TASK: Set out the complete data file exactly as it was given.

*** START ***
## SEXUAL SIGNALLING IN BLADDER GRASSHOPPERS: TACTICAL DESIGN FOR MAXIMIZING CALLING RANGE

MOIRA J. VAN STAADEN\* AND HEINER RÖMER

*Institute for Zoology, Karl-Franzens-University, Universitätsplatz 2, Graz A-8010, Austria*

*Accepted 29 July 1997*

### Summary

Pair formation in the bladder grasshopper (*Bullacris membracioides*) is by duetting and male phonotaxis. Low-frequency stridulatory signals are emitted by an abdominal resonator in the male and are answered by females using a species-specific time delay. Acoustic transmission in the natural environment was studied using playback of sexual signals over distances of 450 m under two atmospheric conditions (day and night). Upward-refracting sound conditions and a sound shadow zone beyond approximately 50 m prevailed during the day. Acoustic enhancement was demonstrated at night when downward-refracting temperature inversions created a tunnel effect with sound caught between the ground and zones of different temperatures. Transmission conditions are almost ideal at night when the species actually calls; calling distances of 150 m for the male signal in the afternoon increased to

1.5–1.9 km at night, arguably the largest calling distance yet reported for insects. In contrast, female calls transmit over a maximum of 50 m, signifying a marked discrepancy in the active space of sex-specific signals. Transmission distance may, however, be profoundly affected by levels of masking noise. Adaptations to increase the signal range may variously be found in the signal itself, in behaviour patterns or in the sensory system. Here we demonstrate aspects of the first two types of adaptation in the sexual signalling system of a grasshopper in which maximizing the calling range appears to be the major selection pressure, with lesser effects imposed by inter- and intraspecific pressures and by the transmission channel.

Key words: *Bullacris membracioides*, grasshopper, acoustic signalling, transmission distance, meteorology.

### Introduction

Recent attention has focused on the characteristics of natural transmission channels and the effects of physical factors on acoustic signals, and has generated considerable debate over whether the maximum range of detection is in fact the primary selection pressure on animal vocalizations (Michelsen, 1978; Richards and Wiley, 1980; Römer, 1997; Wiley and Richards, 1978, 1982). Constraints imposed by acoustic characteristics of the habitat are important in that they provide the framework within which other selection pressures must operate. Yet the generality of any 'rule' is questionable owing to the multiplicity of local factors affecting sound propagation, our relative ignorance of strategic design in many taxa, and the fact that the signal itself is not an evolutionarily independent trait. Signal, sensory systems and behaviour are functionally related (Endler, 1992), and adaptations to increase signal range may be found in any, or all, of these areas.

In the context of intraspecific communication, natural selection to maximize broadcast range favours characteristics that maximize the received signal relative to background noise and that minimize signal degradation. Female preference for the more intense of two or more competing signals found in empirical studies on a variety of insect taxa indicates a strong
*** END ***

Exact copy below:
## SEXUAL SIGNALLING IN BLADDER GRASSHOPPERS: TACTICAL DESIGN FOR MAXIMIZING CALLING RANGE

MOIRA J. VAN STAADEN\* AND HEINER RÖMER

*Institute for Zoology, Karl-Franzens-University, Universitätsplatz 2, Graz A-8010, Austria*

*Accepted 29 July 1997*

### Summary

Pair formation in the bladder grasshopper (*Bullacris membracioides*) is by duetting and male phonotaxis. Low-frequency stridulatory signals are emitted by an abdominal resonator in the male and are answered by females using a species-specific time delay. Acoustic transmission in the natural environment was studied using playback of sexual signals over distances of 450 m under two atmospheric conditions (day and night). Upward-refracting sound conditions and a sound shadow zone beyond approximately 50 m prevailed during the day. Acoustic enhancement was demonstrated at night when downward-refracting temperature inversions created a tunnel effect with sound caught between the ground and zones of different temperatures. Transmission conditions are almost ideal at night when the species actually calls; calling distances of 150 m for the male signal in the afternoon increased to

1.5–1.9 km at night, arguably the largest calling distance yet reported for insects. In contrast, female calls transmit over a maximum of 50 m, signifying a marked discrepancy in the active space of sex-specific signals. Transmission distance may, however, be profoundly affected by levels of masking noise. Adaptations to increase the signal range may variously be found in the signal itself, in behaviour patterns or in the sensory system. Here we demonstrate aspects of the first two types of adaptation in the sexual signalling system of a grasshopper in which maximizing the calling range appears to be the major selection pressure, with lesser effects imposed by inter- and intraspecific pressures and by the transmission channel.

Key words: *Bullacris membracioides*, grasshopper, acoustic signalling, transmission distance, meteorology.

### Introduction

Recent attention has focused on the characteristics of natural transmission channels and the effects of physical factors on acoustic signals, and has generated considerable debate over whether the maximum range of detection is in fact the primary selection pressure on animal vocalizations (Michelsen, 1978; Richards and Wiley, 1980; Römer, 1997; Wiley and Richards, 1978, 1982). Constraints imposed by acoustic characteristics of the habitat are important in that they provide the framework within which other selection pressures must operate. Yet the generality of any 'rule' is questionable owing to the multiplicity of local factors affecting sound propagation, our relative ignorance of strategic design in many taxa, and the fact that the signal itself is not an evolutionarily independent trait. Signal, sensory systems and behaviour are functionally related (Endler, 1992), and adaptations to increase signal range may be found in any, or all, of these areas.

In the context of intraspecific communication, natural selection to maximize broadcast range favours characteristics that maximize the received signal relative to background noise and that minimize signal degradation. Female preference for the more intense of two or more competing signals found in empirical studies on a variety of insect taxa indicates a strong